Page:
The National Union of Students, after an extensive consultation with activist groups and students’ unions across the country, has announced a campaign to boycott the National Student Survey (NSS) this academic year. One of the primary groups leading the charge for a boycott is the National Campaign Against Fees and Cuts, to which we recently voted to formally affiliate with.
The National Student Survey is a questionnaire that students in the final year of their undergraduate degrees are encouraged to fill out. The call to boycott the survey is based on two calculations:
- The NSS forms a key part of the government’s higher education reforms (particularly the hated TEF; those universities which score highly will be allowed to raise tuition fees even higher), which are being fought by groups all across the country. If we can sabotage this key mechanism, it will give us leverage in our struggle to smash the reforms.
- The NSS is a seriously flawed metric in itself. It is supposed to measure teaching quality, but in reality the data is garbage. As Joanna Williams puts it in the Guardian, “Just as high IQ scores tell us more about a person’s ability to pass IQ tests than they do about their intelligence, so the high NSS results tell us more about the sector’s ability to perform well in satisfaction surveys than the quality of what happens within universities.” A series of crude questions cannot measure the qualitative, liberating and intangible benefits of education. The survey encourages lecturers not to challenge their students preconceptions, to ‘play it safe’ in the name of ‘student satisfaction’; it reflects implicit biases and prejudices of students, who tend to mark lectures of colour lower than their white colleagues; and, most fundamentally, it represents a fragmented notion of collectivity. Instead of democratically discussing the quality of our education, with extensive information and reflection, it encourages a knee-jerk 2-minute series of answers, performed in consumerist solitude with no collective discussion.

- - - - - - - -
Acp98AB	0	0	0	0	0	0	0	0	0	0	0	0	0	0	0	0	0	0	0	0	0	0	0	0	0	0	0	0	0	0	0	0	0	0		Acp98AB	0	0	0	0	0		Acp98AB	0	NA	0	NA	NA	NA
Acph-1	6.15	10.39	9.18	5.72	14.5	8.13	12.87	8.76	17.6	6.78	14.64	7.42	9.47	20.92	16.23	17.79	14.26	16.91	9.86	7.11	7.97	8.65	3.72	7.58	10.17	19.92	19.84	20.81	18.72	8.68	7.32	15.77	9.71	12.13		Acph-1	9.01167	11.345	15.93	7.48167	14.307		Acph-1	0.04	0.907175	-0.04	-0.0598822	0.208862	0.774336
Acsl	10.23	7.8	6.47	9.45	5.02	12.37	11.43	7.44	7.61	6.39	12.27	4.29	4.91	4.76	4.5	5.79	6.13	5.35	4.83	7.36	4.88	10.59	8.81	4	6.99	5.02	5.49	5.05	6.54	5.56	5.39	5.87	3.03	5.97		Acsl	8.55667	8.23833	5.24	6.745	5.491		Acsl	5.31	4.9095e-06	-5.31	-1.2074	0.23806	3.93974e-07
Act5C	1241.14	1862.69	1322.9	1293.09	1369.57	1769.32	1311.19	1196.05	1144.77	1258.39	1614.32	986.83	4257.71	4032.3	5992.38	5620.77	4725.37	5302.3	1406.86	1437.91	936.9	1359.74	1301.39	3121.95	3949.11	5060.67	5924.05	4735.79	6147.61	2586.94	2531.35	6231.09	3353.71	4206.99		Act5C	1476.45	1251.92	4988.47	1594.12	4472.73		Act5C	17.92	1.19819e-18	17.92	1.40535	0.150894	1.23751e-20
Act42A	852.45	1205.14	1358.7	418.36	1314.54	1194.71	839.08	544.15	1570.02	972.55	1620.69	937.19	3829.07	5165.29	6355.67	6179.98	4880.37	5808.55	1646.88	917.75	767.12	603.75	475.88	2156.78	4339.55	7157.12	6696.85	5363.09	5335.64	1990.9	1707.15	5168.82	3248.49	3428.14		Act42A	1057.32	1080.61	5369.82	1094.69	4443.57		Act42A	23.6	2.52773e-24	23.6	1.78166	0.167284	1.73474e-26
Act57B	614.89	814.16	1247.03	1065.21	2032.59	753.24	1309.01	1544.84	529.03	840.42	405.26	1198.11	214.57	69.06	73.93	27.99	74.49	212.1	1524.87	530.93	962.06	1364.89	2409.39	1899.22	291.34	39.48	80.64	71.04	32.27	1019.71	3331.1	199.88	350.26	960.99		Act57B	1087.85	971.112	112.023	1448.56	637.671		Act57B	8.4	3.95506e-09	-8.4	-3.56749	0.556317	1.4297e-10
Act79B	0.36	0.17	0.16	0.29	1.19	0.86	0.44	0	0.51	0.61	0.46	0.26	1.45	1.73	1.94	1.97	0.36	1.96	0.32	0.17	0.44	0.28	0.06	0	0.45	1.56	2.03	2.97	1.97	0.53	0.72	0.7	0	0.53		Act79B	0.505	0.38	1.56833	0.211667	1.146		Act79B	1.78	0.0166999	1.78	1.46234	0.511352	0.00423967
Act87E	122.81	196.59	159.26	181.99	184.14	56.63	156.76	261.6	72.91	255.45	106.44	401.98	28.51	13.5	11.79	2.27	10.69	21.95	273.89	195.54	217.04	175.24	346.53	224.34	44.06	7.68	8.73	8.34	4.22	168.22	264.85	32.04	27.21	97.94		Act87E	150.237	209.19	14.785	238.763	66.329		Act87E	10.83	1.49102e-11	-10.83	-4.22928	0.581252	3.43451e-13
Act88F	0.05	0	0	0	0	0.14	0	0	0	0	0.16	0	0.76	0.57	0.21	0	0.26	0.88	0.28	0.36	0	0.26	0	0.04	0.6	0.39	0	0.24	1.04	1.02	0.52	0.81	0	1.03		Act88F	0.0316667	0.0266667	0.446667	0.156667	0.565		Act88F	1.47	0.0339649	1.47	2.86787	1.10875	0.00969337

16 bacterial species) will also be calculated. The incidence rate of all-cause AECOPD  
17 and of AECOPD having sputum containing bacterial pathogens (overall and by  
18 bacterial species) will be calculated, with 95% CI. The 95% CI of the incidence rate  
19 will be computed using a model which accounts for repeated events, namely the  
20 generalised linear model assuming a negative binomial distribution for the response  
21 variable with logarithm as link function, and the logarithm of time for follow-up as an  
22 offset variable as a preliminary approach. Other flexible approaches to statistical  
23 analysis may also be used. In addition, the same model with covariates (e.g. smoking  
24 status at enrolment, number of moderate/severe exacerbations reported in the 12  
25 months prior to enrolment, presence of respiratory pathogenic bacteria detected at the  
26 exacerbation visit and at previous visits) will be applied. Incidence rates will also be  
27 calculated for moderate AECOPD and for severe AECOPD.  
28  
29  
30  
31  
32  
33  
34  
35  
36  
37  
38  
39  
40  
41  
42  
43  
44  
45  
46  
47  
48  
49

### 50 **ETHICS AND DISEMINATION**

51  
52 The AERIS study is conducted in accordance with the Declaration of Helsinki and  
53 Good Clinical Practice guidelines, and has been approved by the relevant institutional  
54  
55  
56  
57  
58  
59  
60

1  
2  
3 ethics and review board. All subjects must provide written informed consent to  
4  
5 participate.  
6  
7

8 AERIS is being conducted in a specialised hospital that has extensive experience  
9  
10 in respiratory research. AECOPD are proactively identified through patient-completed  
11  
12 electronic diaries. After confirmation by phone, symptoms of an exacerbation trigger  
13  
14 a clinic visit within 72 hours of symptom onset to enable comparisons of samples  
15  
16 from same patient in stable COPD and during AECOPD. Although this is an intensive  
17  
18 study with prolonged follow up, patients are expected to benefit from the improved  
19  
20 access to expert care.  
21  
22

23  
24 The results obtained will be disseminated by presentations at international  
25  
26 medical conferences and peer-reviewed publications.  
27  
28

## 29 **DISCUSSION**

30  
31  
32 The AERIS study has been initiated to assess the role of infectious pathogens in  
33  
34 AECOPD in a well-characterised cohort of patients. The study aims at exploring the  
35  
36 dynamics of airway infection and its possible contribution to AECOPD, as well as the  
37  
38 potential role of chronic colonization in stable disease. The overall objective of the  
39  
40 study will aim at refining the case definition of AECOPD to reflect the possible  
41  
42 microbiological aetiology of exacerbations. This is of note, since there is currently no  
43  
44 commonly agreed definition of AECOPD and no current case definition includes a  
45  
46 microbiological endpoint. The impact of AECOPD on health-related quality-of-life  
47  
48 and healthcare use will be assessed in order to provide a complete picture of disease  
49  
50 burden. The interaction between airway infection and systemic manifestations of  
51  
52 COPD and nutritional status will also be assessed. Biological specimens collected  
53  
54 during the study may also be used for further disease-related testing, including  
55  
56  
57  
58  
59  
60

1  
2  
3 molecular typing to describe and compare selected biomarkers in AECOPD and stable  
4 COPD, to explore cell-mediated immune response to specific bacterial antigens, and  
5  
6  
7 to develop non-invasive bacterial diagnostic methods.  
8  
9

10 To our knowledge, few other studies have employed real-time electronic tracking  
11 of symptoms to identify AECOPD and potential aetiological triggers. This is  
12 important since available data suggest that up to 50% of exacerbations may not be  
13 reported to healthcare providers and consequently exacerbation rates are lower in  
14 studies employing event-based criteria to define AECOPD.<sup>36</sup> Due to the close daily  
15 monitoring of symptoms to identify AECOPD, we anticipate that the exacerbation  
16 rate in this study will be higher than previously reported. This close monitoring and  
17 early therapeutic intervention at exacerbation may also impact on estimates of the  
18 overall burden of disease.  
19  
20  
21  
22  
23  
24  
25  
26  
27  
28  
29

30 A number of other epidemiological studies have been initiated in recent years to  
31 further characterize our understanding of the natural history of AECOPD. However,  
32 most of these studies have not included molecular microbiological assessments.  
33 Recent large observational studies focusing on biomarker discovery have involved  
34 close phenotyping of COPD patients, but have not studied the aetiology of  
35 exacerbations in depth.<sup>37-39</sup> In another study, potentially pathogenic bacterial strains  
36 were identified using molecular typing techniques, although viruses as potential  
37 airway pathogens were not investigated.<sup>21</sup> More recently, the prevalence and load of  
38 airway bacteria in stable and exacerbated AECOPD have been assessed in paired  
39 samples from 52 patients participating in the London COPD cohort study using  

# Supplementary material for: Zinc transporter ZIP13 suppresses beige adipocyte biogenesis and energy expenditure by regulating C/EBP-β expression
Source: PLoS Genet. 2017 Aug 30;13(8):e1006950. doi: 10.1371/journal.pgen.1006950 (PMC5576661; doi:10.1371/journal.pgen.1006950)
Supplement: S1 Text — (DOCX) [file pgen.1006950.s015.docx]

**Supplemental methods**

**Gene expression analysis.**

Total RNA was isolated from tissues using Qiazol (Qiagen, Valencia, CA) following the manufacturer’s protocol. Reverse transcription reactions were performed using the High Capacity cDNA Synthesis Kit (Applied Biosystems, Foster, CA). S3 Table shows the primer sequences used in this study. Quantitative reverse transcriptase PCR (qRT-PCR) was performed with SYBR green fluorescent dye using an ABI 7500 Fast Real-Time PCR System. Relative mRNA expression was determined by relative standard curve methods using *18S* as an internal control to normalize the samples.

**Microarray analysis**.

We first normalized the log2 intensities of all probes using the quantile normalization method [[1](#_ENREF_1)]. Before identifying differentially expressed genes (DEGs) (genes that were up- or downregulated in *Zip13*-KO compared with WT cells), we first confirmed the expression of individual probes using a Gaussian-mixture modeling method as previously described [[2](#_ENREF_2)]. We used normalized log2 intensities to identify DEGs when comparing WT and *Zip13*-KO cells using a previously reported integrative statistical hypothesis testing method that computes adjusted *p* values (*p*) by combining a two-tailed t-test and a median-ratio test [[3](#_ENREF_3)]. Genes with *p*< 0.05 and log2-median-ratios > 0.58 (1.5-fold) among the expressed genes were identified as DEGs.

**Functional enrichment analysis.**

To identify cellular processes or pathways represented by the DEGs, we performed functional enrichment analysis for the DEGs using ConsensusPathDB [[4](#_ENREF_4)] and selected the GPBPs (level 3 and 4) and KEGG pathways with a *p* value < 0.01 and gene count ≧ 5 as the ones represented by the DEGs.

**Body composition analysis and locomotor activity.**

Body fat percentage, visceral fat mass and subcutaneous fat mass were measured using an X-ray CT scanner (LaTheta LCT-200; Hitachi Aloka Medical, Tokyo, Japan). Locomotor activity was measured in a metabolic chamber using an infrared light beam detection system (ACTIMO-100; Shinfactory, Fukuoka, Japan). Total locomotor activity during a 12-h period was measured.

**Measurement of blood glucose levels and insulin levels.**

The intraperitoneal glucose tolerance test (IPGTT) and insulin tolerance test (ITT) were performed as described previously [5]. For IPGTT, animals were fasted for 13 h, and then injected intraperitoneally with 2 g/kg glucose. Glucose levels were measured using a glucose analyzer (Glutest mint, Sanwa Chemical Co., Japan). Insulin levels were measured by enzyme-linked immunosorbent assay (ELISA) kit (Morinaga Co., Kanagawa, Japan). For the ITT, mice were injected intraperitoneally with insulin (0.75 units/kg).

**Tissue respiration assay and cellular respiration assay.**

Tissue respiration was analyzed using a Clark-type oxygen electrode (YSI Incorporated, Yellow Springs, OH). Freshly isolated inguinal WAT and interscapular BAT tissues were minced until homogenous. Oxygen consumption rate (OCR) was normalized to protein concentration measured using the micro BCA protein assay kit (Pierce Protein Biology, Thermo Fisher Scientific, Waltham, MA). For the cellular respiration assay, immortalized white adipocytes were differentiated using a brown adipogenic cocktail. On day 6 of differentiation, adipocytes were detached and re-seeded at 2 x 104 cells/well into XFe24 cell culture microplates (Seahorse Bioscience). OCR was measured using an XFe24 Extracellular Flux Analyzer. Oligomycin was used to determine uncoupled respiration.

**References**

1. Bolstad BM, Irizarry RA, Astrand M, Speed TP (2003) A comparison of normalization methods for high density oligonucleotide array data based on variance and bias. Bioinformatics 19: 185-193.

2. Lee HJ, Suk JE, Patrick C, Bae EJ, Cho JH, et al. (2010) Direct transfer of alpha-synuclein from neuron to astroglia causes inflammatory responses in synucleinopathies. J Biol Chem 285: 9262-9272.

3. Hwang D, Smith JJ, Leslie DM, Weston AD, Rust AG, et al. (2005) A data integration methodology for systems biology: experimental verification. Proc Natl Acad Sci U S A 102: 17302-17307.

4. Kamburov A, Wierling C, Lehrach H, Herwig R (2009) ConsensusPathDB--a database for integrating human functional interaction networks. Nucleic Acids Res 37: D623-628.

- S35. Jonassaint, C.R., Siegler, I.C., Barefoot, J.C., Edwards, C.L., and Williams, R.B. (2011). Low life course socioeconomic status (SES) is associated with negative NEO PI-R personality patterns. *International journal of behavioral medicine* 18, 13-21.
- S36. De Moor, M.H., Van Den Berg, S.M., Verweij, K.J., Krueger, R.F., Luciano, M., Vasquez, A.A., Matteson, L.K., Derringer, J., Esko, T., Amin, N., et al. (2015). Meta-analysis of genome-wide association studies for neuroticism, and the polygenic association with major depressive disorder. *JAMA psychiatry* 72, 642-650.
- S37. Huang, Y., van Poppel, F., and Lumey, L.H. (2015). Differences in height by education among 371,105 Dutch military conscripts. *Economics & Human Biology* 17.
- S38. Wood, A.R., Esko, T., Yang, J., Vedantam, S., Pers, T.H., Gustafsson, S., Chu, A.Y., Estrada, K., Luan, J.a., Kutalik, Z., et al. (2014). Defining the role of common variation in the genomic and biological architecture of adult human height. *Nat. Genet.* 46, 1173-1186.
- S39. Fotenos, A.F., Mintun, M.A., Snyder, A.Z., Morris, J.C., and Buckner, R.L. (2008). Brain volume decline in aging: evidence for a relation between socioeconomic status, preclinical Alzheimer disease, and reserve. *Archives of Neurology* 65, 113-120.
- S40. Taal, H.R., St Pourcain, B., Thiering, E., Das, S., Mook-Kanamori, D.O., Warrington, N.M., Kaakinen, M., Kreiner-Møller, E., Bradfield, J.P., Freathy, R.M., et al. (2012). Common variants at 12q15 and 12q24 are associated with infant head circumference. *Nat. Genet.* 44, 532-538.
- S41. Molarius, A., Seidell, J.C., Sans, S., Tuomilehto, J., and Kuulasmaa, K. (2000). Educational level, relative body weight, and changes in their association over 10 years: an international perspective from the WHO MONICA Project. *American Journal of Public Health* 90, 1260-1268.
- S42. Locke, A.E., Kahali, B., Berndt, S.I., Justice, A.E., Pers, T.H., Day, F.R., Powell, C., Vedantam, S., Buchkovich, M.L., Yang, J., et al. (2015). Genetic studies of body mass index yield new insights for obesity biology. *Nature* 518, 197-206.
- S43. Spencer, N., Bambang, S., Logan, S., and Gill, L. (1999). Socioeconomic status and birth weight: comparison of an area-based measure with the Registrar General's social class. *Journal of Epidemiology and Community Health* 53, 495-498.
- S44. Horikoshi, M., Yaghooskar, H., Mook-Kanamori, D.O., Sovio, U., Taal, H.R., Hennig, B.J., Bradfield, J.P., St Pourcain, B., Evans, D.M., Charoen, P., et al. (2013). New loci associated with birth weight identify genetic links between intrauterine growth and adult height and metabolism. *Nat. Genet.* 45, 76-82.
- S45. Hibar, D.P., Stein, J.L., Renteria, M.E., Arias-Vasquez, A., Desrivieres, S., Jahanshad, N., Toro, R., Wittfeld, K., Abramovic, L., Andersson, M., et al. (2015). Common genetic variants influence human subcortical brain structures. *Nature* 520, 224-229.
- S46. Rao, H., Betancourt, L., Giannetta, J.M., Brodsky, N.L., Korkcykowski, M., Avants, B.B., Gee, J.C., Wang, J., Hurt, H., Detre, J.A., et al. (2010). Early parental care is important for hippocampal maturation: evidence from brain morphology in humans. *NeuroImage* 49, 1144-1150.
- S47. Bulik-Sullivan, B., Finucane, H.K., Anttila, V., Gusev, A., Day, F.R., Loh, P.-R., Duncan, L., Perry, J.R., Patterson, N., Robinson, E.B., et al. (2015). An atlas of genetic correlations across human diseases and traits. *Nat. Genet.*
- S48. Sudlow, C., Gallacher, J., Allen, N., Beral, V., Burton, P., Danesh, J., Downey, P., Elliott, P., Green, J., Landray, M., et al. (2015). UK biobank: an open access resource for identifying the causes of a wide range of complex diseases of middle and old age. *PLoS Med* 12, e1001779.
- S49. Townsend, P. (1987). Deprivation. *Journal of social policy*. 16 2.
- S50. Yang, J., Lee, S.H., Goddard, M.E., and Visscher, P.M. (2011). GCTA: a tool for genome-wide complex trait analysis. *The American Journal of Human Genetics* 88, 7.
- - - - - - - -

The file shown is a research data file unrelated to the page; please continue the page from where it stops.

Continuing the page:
We will be pushing hard to get students to boycott the NSS this year. The university will be pushing students not to; students will be bribed with money on their Eating at Warwick cards, pizza parties and the chance of winning iPads. Such short term rewards will pale in comparison to the savage impacts these higher education reforms will have on our society have if they go through.
This fight will be a long one. Nationally, right-wing sabbs are trying a bureaucratic manoeuvre to sabotage the campaign before it begins, pushing for a ballot on a lengthy and pointless ‘risk assessment’ of the boycott. Overcoming such obstacles will take effort, organisation, and unity: as does any significant and worthwhile campaign. The struggle continues!